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January 12, 1996


Appeal from the Circuit Court of the 21st Judicial Circuit, Kankakee County, Illinois. No. 94-CF-509. Honorable John Michela, Judge, Presiding.

Released for Publication February 16, 1996.

Present - Honorable Tom M. Lytton, Justice, Honorable Michael P. Mccuskey, Justice, Honorable Kent Slater, Justice. Justice Slater delivered the opinion of the court: Lytton, J., concurs. Justice McCUSKEY, specially concurring:

The opinion of the court was delivered by: Slater

The Honorable Justice SLATER delivered the opinion of the court:

The trial court found defendant Derrick Potts guilty of possession of explosive or incendiary devices (720 ILCS 5/20-2 (West 1994)) and sentenced him to a six-year term of imprisonment. On appeal, defendant argues that his conviction must be reversed and the cause remanded because he did not make a written waiver of jury trial. The State responds that defendant waived this issue, a written jury waiver was not required, the statute requiring written waivers is unconstitutional, and any error was harmless.

The right to a jury trial is a substantial right, the waiver of which this court will consider even when the issue is not properly preserved for appeal. ( People v. Jennings (1994), 268 Ill. App. 3d 439, 644 N.E.2d 1199, 206 Ill. Dec. 146; see also People v. Daniels (1995), 273 Ill. App. 3d 645, 653 N.E.2d 408, 210 Ill. Dec. 503.) Section 115-1 of the Code of Criminal Procedure of 1963 provides that all criminal trials shall be tried before a jury unless the defendant waives a jury trial in writing. (725 ILCS 5/115-1 (West 1994).) The statute is mandatory. ( People v. Nuccio (1994), 263 Ill. App. 3d 315, 636 N.E.2d 1154, 201 Ill. Dec. 722.) The statute insures that a defendant's personal right to waive a jury trial is not lightly relinquished, and it is not unconstitutional. ( Jennings, 268 Ill. App. 3d 439, 644 N.E.2d 1199, 206 Ill. Dec. 146.) For these reasons, we reject the State's arguments. We reverse defendant's conviction, and we remand the cause for a new trial.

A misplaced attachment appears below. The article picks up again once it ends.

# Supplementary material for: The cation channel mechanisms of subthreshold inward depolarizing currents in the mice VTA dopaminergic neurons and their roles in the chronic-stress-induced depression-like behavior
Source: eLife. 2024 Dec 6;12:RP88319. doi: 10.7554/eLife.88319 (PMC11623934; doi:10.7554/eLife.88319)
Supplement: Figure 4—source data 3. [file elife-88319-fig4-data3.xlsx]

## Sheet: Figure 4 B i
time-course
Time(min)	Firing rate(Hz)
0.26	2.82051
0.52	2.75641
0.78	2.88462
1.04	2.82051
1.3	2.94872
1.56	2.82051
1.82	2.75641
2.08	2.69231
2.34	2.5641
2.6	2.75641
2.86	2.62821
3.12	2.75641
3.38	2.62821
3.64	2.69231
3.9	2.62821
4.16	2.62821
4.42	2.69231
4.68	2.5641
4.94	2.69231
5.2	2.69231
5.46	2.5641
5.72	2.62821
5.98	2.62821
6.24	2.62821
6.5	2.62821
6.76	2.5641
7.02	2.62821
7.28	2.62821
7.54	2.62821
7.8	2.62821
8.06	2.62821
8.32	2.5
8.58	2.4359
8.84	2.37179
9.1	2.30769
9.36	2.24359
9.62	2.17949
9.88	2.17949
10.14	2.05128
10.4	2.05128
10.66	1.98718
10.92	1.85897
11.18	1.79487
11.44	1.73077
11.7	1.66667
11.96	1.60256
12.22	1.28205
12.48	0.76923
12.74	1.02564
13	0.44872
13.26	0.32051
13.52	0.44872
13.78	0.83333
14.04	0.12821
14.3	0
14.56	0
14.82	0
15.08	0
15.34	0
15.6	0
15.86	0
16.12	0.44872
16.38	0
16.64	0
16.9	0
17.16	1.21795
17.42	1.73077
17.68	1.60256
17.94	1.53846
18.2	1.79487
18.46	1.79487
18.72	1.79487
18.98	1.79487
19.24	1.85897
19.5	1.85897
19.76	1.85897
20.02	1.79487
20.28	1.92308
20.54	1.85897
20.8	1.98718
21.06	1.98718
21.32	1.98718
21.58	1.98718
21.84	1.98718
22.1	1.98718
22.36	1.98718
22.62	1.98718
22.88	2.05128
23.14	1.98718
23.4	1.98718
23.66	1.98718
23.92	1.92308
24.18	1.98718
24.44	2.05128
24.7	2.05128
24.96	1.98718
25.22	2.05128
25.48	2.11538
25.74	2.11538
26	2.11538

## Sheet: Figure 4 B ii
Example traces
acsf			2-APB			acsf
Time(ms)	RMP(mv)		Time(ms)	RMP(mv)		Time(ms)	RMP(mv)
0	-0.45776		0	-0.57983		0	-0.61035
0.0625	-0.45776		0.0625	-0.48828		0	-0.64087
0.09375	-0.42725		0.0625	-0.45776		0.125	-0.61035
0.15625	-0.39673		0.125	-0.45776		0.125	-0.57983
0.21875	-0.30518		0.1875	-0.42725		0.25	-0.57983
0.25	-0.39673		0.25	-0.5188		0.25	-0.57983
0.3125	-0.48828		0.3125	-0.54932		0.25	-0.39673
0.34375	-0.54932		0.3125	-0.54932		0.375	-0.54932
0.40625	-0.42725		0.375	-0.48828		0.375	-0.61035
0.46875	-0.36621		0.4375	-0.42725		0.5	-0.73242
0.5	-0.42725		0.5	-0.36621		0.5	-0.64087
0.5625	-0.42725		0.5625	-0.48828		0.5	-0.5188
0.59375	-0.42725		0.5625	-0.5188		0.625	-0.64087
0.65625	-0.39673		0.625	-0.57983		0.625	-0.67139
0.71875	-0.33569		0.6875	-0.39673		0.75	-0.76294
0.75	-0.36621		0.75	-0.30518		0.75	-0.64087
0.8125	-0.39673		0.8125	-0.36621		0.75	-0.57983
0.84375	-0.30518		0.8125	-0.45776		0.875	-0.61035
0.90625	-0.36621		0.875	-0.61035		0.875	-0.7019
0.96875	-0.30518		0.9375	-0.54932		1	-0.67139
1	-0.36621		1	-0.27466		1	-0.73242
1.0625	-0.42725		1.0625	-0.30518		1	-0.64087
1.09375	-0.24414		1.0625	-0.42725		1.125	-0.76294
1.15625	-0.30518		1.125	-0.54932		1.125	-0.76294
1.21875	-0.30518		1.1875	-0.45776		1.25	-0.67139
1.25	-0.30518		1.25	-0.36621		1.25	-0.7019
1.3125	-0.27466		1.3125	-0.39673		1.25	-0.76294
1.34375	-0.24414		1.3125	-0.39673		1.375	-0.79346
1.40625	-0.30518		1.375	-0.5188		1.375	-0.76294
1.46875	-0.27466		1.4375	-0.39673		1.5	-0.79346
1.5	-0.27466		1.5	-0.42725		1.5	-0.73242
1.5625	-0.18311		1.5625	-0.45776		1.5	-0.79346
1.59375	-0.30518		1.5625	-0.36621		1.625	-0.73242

Reversed and remanded.

LYTTON, J., concurs.

The Honorable Justice McCUSKEY, specially concurring:

I concur because I recognize that Jennings, a decision of this court, is directly on point. Accordingly, I feel bound by stare decisis. However, I write separately because I believe Jennings was incorrectly decided and will result in unnecessary retrials.

It is very important to recognize that the defendant in this case freely, voluntarily and knowingly waived his right to a jury trial in open court. No one disputes the trial court's finding on this issue. The only trial error claimed in this appeal is that the defendant did not additionally sign a document waiving his right to a jury trial. Otherwise, there is no dispute that the defendant has received a fair trial in every respect. Moreover, the defendant does not contend that he was prejudiced by his failure to sign a written document waiving his right to a jury trial. Nevertheless, Jennings requires us to grant the defendant a new trial.

My first reason for opposing a remand in this case is because the defendant has waived review of the issue regarding a written jury waiver. Under People v. Enoch (1988), 122 Ill. 2d 176, 186-87, 522 N.E.2d 1124, 1130, 119 Ill. Dec. 265, an issue is not preserved for review unless the error was raised by both an objection at trial and a post-trial motion. In the instant case, as in Jennings, no objection was made at trial; and the issue was not raised in the post-trial motion. The Jennings court rejected the State's waiver argument, stating that "the right to a jury trial is a substantial right, and issues regarding the waiver of that right should be considered even when not properly preserved." Jennings, 268 Ill. App. 3d at 444, 644 N.E.2d at 1203; see also People v. Daniels (1995), 273 Ill. App. 3d 645, 646, 653 N.E.2d 408, 409-10.

However, statutory requirements concerning the right to a jury trial have been waived when not raised in the trial court. In People v. Johnson (1990), 206 Ill. App. 3d 318, 564 N.E.2d 232, 151 Ill. Dec. 255, the defendant was convicted of burglary following a jury trial in Macon County. On appeal, the defendant argued that his conviction should be reversed because one of the jurors, Phillips, was not a resident of the county. The defendant argued that Phillips was not qualified to be a juror according to the express requirements of sections 1 and 2 of the Jury Act (705 ILCS 305/1, 305/2 (West 1992)). The court found the defendant waived his objection to Phillips' jury service by failing to raise it during trial. Johnson, 206 Ill. App. 3d at 326, 564 N.E.2d at 237-38.